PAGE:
TAMPA — There's a good chance that one issue will dominate the upcoming Hillsborough County supervisor of elections race.
That would be the controversial changes to state law that shrank the number of days for early voting, put new restrictions on registering voters and expanded the use of provisional ballots.
Three men are running for the office. State Rep. Rich Glorioso, R-Plant City, voted for the legislation before deciding to run for elections supervisor, getting lampooned on a late-night comedy show along the way.
Tom Scott, a Democrat who was formerly a Tampa City Council member and Hillsborough County commissioner, has joined a federal lawsuit that seeks to have the changes tossed out.
And fellow Democrat Craig Latimer now helps oversee elections in Hillsborough, one of five Florida counties exempted from the change while the courts review it.
The law reduced the number of early voting days from 12 to eight and requires third-party groups who collect voter registration forms to submit them within 48 hours instead of 10 days. It also requires people who report an address change on election day or show up without identification to cast a provisional ballot.
Scott, like other individuals and groups fighting the changes, says the new registration requirements and early voting changes discourage people from participating in elections, particularly minorities.
"The result is to suppress voter participation," said Scott, who is black. "What we ought to be doing is encouraging voter participation. It appears we're trying to go back in history and time."
Glorioso, who said he has been surprised by the level of outcry over the changes, insisting they do nothing to suppress voting.
New registrations are indeed down in Florida this election season compared to four years ago, a New York Times analysis showed.
Glorioso recently landed on Comedy Central's Colbert Report. He was part of a spoof segment called "People Who Are Destroying America" that profiled a Panhandle civics teacher facing a $1,000 fine for collecting voter registration forms from her students and then turning them in to her elections supervisor after a new, tightened 48-hour deadline.
The teacher, Dawn Quarles of Santa Rosa County, was a three-time offender who once missed the prior 10-day deadline, which could have disenfranchised her students, Glorioso said.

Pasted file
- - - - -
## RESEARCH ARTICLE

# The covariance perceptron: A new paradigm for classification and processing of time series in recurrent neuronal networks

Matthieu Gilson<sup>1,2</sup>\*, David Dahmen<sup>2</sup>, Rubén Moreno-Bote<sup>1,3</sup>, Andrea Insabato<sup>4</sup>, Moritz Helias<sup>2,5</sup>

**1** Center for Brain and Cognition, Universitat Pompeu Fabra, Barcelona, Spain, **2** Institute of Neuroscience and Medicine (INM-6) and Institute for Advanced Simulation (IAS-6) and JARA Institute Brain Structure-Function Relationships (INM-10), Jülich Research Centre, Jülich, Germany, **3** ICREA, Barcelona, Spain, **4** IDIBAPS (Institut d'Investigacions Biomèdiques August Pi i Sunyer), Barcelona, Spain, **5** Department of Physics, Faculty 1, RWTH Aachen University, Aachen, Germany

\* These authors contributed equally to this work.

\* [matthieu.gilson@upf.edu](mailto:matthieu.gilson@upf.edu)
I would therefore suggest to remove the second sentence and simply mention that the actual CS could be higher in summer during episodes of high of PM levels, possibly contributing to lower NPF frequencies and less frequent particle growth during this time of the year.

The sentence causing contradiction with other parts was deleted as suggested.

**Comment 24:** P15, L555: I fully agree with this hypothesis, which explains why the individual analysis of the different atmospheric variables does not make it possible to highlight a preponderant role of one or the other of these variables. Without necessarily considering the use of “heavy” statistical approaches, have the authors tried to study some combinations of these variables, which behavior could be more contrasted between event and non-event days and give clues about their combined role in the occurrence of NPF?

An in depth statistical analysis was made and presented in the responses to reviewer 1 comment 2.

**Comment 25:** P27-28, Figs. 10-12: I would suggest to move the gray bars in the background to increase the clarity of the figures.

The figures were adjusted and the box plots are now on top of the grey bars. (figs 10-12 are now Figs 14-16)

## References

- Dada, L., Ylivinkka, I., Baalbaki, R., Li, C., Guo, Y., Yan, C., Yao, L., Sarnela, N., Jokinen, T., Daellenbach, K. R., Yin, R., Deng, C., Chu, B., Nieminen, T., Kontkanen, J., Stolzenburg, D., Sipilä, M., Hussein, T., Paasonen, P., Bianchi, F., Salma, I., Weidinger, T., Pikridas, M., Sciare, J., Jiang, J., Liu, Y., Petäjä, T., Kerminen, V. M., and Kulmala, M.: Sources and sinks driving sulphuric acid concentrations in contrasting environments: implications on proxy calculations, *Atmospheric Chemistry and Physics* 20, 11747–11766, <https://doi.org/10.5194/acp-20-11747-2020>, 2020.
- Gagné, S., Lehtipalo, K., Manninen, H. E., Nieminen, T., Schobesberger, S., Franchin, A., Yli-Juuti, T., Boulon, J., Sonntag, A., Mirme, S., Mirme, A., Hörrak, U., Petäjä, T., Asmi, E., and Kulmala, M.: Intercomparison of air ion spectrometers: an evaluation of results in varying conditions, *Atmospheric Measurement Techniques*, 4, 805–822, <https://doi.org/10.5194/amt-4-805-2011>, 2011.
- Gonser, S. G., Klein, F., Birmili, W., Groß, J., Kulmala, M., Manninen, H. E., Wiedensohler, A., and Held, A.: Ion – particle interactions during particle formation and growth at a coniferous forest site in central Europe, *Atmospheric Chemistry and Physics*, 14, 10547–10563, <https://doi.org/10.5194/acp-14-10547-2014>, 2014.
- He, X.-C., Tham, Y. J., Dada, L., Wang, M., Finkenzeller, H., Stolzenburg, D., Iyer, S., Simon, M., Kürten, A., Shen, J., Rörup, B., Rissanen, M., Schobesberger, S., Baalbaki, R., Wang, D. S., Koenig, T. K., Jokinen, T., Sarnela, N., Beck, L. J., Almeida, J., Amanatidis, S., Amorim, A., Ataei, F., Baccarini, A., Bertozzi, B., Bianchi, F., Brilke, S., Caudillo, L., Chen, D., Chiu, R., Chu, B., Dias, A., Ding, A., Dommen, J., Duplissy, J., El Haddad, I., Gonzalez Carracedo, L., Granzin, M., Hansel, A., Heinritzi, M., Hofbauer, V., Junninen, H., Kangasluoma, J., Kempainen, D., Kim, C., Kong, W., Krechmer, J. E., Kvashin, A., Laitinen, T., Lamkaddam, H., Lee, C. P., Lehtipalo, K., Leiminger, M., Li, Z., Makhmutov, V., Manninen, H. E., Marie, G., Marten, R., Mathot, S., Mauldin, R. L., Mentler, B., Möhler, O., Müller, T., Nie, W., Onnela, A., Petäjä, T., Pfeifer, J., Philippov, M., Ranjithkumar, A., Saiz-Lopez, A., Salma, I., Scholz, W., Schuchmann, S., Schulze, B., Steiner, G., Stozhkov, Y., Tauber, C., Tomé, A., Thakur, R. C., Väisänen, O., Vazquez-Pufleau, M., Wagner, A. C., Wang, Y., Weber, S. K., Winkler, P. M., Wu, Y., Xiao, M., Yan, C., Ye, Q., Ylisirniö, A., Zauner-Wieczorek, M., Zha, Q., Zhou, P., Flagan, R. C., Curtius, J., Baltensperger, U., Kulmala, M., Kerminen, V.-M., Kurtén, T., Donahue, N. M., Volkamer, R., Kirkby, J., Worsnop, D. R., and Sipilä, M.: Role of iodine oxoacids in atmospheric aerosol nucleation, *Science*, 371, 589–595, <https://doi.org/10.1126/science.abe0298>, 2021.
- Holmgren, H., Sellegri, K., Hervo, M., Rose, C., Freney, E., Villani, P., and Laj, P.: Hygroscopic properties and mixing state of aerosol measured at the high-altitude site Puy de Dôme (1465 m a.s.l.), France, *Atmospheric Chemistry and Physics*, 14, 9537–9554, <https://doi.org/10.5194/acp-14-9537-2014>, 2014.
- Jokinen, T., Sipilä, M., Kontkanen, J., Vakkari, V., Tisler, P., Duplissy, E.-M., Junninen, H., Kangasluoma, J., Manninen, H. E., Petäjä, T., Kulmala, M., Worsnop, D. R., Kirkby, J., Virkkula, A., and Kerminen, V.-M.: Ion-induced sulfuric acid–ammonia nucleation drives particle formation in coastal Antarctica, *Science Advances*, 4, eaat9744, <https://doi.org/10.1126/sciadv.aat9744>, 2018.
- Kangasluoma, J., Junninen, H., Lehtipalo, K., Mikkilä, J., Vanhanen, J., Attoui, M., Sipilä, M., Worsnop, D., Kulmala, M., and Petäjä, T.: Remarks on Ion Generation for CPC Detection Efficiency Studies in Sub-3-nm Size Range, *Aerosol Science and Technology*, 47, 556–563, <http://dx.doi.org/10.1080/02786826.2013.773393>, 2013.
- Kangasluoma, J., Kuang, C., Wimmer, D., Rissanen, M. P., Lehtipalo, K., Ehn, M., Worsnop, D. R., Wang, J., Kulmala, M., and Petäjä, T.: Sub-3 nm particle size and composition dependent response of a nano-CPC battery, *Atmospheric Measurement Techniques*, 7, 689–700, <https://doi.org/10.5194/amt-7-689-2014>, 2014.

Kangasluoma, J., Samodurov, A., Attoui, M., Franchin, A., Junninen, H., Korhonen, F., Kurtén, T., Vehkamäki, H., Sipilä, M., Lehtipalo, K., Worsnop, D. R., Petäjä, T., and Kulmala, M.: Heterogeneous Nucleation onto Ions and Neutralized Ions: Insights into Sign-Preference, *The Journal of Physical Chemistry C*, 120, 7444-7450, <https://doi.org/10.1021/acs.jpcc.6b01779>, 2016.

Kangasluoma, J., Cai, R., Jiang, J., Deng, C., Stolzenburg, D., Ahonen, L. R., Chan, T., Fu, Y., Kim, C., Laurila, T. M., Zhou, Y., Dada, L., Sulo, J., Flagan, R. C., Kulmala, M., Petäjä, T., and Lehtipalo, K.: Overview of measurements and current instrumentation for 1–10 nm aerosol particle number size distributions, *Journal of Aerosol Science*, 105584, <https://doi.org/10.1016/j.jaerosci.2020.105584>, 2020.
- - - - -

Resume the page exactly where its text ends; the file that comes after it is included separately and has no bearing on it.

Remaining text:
"I don't understand why someone would want to hold on to them for any length of time," he said. "I believe if you're organized enough to do a voter registration drive, you should be organized enough to turn them in on time."
He added that he doesn't understand why groups like the League of Women Voters have stopped collecting signatures.
He noted the early voting sites may stay open for the same 96 hours previously allowed, which should mean expanded hours at most polling locations, giving working people more opportunity to vote outside of traditional business hours. And it does so at a lower cost, Glorioso said.
Latimer, the current chief deputy to outgoing Elections Supervisor Earl Lennard, will face Scott in a Aug. 14 primary election. The winner will face Glorioso in the general election.
Latimer is critical of the elections law changes, which haven't gone into effect yet in Hillsborough but, if approved, he would have to carry out.
Hillsborough is one of five Florida counties where past discriminatory practices require the U.S. Department of Justice to approve changes to laws that affect voting.
Before the department ruled on the law's most controversial provisions, then Florida Secretary of State Kurt Browning sought approval last year from a three-judge panel in Washington, D.C., instead.
That's the suit Scott has joined along with the League of Women voters and other groups and civic figures. The Department of Justice asserted to the court last month that Florida has not proved the changes protect racial and ethnic minorities in the five so-called pre-clearance counties that include Hillsborough.
Latimer, in a point-by-point critique of the changes, described a law that seeks to address problems that don't exist.
While Glorioso notes the flexibility of keeping polls open longer hours on fewer days, Latimer says maintaining more days of early voting does the same thing. And he says technology is in place to protect against voter fraud — one of the main goals of the legislation — even though documented fraud is rare.
And punishing people trying to do something good —encouraging people to vote by getting them registered — doesn't make sense, Latimer said.
"I'm in the business to get people to register to vote," he said. "The more we can do to get people to register and to vote, that's what the democratic process is about."
Bill Varian can be reached at (813) 226-3387 or firstname.lastname@example.org.